Oregon Scientists Need Help from West Coast Fishermen, Beachcombers to Find Transponders
(Corvallis, Oregon) – Scientists in Oregon need the help of anglers and beachcombers around the northwest to look for unusual objects on the beaches or caught in nets. Instruments from Japan called transponders were released into the Pacific Ocean just after the 2011 tsunami, and researchers from the Oregon coast and in Japan are looking for them.
These floating instruments are about the size of a 2-liter soda bottle and were set in the water by scientists from Tattori University for Environmental Studies in Japan. Together with Oregon State University, Oregon Sea Grant, and the NOAA Marine Debris Program, the groups are now looking for the instruments along the coasts of California, Oregon and Washington, hoping to track the movement of debris via ocean currents and help determine the path and timing of the debris from the 2011 disaster.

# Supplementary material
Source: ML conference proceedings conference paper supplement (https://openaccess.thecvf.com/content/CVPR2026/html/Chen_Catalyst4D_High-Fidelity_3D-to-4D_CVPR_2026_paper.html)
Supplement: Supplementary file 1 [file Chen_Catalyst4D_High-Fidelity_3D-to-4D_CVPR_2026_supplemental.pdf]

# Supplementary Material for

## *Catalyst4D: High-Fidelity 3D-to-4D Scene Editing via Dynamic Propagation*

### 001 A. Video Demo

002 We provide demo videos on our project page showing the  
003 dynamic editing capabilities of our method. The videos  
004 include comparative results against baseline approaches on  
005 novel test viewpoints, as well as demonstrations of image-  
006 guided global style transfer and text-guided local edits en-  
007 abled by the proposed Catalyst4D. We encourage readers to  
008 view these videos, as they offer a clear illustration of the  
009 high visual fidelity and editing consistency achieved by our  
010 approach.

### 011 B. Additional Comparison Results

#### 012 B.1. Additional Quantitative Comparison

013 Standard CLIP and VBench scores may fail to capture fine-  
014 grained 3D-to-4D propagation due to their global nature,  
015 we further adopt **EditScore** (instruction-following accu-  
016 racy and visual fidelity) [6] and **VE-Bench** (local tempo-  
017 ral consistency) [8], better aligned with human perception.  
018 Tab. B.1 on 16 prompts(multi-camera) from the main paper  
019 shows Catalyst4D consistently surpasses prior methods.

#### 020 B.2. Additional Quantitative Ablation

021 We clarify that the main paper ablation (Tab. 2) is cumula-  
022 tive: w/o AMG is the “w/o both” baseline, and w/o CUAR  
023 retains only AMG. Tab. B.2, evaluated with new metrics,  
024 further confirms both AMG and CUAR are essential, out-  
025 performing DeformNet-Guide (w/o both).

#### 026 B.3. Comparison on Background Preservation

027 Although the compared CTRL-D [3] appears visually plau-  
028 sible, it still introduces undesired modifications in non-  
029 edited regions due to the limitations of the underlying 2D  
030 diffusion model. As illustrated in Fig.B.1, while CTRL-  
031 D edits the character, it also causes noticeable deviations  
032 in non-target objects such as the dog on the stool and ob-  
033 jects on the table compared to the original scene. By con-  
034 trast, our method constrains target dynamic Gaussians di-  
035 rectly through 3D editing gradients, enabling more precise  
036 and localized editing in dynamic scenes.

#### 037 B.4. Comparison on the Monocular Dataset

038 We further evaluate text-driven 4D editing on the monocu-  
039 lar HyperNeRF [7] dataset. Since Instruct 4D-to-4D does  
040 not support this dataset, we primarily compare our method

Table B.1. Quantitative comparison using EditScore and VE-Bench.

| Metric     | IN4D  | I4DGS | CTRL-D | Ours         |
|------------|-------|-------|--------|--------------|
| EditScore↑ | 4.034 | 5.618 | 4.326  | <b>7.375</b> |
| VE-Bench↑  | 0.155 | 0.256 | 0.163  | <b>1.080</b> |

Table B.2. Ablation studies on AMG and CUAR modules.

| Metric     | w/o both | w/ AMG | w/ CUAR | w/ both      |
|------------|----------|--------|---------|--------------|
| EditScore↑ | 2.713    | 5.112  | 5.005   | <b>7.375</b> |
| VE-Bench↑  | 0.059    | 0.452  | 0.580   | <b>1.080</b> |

An estimated 1.5 million tons of debris was washed out to sea and it is expected to continue drifting ashore along the West Coast of the United States for several years, according to Sam Chan, a watershed health specialist with Oregon State University Extension and Oregon Sea Grant.
“These transponders only have a battery life of about 30 months and then they no longer communicate their location,” Chan said. “So the only way to find out where they end up is to physically find them and report their location. That’s why we need the help of fishermen, beachcombers and other coastal visitors.”
What to look for? Chan said they look like an orange soda bottle with a short antenna.
The transmitters were put into bottles, and Chan said they are not hazardous in any way.
Persons who find a transponder are asked to photograph it if possible, and report the location of their find to Chan at Samuel.Chan@oregonstate.edu; or to the NOAA Marine Debris Program regional coordinator in their area at http://marinedebris.noaa.gov/contact-us. They will provide shipping instructions to persons who find the transponders so that the instruments can be returned to the research team.
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